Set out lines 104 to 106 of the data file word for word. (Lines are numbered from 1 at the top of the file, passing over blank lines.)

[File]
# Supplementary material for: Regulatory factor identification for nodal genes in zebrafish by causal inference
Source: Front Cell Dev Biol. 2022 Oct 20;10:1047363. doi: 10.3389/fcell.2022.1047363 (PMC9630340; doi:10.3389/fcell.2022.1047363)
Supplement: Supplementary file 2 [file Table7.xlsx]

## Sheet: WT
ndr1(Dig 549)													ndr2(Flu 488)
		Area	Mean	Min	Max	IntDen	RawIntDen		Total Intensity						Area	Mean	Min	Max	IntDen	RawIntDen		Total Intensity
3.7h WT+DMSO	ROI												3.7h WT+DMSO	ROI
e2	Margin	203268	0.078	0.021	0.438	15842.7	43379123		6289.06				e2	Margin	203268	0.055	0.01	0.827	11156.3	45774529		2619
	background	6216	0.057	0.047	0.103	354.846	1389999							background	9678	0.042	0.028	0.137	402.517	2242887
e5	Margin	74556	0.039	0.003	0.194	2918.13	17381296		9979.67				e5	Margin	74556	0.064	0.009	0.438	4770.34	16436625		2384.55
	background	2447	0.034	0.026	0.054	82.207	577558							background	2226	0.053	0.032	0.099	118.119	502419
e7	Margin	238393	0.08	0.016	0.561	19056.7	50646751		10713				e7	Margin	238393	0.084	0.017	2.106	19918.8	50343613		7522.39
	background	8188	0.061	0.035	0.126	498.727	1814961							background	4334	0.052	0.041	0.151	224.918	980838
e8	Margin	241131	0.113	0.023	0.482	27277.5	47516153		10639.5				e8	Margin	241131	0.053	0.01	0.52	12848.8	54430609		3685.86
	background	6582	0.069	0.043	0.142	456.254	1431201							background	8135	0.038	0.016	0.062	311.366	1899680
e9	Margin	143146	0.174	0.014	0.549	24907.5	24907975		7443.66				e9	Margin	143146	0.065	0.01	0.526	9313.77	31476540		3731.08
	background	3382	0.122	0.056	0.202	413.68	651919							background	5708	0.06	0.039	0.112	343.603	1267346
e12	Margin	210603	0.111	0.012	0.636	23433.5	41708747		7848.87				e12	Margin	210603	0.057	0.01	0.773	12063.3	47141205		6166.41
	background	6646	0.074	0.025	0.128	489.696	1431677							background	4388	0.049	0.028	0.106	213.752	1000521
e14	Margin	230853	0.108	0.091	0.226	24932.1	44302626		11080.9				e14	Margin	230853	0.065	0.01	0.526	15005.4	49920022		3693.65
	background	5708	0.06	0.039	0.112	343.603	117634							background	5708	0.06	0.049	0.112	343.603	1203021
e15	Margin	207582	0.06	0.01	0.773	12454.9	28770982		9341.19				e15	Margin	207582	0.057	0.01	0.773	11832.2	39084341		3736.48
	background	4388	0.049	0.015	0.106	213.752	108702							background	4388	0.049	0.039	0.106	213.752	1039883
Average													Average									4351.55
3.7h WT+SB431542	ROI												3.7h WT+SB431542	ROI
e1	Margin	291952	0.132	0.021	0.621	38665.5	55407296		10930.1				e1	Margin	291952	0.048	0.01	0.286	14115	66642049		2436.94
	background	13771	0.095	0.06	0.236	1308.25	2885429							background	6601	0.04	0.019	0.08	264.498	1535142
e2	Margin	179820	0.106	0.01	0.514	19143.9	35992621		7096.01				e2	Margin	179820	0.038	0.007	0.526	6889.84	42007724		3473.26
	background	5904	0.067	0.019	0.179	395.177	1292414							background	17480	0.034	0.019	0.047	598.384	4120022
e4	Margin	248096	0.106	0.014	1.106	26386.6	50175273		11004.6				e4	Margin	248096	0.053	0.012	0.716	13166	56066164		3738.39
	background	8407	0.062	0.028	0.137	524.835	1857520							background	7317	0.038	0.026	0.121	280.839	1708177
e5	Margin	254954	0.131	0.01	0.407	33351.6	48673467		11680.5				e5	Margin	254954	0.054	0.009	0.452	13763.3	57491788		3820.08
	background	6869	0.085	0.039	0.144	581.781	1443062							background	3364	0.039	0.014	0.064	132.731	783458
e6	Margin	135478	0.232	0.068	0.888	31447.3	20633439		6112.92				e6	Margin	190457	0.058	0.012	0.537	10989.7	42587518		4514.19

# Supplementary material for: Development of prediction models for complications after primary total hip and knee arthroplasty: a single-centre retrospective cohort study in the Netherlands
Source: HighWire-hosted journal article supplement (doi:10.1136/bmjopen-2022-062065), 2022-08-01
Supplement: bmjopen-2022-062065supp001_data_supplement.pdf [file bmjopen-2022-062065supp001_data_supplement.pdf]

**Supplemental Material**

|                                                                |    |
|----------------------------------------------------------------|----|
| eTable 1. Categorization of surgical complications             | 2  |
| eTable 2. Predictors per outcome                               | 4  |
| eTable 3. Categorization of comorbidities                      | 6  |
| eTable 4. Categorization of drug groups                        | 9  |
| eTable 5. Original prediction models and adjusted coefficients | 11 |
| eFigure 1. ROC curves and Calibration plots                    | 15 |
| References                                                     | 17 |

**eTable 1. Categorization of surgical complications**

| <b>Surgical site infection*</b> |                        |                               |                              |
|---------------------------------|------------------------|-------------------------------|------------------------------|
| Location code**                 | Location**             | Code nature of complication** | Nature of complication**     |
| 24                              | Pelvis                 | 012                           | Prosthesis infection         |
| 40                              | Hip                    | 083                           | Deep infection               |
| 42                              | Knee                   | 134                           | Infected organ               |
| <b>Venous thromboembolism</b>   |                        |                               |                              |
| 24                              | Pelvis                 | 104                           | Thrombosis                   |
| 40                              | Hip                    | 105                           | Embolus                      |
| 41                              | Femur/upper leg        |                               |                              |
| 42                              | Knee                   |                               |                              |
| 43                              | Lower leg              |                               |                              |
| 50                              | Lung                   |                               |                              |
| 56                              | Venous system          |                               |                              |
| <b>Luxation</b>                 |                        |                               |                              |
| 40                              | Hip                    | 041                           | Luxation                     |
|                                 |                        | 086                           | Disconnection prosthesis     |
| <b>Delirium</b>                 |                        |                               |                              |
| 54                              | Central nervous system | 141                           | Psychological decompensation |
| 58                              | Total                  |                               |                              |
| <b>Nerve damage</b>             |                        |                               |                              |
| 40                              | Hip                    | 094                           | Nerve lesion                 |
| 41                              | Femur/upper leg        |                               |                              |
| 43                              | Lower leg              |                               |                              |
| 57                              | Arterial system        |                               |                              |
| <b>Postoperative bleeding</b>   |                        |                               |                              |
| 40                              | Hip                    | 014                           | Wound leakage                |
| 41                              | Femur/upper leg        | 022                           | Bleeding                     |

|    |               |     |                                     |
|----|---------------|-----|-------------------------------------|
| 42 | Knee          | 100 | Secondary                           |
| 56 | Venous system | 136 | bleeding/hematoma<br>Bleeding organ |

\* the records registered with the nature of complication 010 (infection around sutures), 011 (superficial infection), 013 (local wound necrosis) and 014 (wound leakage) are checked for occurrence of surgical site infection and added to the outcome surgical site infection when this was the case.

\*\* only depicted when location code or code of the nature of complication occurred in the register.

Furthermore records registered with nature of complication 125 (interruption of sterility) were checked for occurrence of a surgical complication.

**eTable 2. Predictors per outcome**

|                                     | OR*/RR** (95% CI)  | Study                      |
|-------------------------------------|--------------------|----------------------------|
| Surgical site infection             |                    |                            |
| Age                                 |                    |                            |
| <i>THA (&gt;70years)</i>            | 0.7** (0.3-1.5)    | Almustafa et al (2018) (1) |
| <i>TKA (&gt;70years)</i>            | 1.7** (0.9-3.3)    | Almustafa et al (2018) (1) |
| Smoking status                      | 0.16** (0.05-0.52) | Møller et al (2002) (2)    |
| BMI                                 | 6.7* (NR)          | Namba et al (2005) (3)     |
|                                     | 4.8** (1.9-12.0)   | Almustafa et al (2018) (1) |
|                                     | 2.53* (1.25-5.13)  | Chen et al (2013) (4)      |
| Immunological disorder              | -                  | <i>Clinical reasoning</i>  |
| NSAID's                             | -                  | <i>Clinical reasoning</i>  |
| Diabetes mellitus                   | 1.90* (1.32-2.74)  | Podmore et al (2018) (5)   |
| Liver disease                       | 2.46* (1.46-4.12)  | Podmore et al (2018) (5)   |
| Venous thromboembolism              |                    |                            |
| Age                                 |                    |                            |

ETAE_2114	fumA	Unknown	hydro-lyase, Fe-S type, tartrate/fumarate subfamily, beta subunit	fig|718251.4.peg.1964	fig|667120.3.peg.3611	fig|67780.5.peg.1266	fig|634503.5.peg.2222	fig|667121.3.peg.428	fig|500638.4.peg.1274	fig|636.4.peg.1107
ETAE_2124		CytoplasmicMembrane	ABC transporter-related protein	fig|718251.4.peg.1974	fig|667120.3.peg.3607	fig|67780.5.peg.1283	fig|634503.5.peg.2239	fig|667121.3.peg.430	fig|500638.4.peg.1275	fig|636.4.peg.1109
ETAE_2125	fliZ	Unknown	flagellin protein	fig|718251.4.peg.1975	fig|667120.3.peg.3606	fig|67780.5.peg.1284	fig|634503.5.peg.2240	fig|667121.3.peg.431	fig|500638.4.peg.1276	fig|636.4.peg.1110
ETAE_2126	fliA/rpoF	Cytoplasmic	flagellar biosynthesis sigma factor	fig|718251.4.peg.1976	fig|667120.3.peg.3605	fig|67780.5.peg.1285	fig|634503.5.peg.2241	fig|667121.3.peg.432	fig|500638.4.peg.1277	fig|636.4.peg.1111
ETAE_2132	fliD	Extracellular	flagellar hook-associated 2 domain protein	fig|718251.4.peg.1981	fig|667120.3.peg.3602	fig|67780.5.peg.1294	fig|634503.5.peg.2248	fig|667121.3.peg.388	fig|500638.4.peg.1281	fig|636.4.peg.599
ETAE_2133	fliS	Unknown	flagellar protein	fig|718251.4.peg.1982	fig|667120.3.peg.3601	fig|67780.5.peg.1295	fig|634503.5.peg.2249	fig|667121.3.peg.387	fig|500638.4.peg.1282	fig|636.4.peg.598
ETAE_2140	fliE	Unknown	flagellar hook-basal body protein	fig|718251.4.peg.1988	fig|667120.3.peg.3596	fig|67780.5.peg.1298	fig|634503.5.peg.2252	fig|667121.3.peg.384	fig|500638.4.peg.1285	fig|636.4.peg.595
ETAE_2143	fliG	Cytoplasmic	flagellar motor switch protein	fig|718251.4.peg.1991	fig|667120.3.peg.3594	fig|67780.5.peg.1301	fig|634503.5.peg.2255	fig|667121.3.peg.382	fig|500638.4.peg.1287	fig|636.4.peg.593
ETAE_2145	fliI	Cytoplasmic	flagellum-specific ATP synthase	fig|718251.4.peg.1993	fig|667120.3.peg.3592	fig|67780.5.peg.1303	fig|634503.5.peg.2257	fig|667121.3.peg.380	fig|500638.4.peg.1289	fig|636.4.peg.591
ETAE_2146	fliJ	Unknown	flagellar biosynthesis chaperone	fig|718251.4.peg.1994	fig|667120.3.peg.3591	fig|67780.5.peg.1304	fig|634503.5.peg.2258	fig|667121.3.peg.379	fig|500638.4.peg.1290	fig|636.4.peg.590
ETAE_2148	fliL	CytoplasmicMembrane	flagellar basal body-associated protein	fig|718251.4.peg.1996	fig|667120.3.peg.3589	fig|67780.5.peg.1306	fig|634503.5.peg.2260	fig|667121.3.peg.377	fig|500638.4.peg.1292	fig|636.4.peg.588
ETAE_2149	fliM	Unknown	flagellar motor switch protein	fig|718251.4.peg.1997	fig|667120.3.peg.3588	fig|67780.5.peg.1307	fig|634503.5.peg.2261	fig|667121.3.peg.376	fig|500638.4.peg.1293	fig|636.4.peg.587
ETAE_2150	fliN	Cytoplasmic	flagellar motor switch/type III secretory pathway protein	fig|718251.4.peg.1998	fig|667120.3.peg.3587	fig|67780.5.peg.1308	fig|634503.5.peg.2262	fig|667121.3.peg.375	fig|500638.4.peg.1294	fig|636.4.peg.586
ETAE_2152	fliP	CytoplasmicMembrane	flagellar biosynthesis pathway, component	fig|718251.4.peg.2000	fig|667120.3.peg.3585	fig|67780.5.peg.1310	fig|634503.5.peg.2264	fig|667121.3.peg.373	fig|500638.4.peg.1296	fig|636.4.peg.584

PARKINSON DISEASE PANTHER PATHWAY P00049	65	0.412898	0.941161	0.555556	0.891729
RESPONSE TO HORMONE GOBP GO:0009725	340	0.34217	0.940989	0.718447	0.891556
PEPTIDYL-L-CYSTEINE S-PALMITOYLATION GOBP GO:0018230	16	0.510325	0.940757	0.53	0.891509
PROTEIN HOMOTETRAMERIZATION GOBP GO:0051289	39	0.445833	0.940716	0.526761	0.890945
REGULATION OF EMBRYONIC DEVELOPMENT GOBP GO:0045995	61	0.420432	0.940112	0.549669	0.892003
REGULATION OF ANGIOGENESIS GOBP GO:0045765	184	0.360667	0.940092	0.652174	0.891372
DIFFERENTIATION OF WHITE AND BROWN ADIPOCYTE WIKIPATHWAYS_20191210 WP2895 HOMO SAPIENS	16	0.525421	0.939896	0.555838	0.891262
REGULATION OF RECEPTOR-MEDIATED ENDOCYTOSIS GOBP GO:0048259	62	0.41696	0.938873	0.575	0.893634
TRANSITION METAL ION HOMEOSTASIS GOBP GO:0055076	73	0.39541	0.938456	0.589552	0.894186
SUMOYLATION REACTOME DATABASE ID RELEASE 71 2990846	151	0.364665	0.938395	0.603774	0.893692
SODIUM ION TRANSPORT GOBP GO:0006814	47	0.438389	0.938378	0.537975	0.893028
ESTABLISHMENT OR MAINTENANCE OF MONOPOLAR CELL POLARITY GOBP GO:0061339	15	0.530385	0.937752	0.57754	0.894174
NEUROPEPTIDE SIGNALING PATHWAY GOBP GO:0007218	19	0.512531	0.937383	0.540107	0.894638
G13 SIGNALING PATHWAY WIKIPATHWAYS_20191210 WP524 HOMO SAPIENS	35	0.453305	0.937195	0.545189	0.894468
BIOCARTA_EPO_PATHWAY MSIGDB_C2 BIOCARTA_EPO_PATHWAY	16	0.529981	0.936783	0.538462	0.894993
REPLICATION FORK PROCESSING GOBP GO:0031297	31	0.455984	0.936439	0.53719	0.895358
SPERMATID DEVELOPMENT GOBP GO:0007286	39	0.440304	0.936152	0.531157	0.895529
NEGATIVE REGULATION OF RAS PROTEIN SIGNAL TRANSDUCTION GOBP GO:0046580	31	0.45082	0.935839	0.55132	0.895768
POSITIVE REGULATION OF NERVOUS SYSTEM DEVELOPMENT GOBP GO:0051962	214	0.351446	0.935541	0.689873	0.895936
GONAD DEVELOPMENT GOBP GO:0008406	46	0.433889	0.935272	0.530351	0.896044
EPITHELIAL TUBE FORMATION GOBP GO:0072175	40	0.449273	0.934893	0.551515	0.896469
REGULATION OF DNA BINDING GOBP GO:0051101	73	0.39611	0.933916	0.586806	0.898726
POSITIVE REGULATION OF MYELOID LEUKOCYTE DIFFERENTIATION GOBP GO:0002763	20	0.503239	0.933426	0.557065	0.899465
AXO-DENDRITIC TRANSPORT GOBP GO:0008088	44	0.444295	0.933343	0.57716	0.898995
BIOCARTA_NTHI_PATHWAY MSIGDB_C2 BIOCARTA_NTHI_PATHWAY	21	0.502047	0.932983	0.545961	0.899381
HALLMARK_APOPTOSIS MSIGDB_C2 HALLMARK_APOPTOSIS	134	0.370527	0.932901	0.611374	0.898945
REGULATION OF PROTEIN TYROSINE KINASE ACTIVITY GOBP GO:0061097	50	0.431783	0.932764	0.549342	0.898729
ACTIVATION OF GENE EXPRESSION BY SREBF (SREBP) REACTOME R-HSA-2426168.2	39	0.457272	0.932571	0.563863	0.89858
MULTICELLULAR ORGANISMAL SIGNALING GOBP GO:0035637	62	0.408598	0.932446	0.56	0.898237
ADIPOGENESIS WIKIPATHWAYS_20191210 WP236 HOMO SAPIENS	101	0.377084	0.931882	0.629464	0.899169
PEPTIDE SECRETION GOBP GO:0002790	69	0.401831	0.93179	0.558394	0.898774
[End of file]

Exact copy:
ETAE_2126	fliA/rpoF	Cytoplasmic	flagellar biosynthesis sigma factor	fig|718251.4.peg.1976	fig|667120.3.peg.3605	fig|67780.5.peg.1285	fig|634503.5.peg.2241	fig|667121.3.peg.432	fig|500638.4.peg.1277	fig|636.4.peg.1111
ETAE_2132	fliD	Extracellular	flagellar hook-associated 2 domain protein	fig|718251.4.peg.1981	fig|667120.3.peg.3602	fig|67780.5.peg.1294	fig|634503.5.peg.2248	fig|667121.3.peg.388	fig|500638.4.peg.1281	fig|636.4.peg.599
ETAE_2133	fliS	Unknown	flagellar protein	fig|718251.4.peg.1982	fig|667120.3.peg.3601	fig|67780.5.peg.1295	fig|634503.5.peg.2249	fig|667121.3.peg.387	fig|500638.4.peg.1282	fig|636.4.peg.598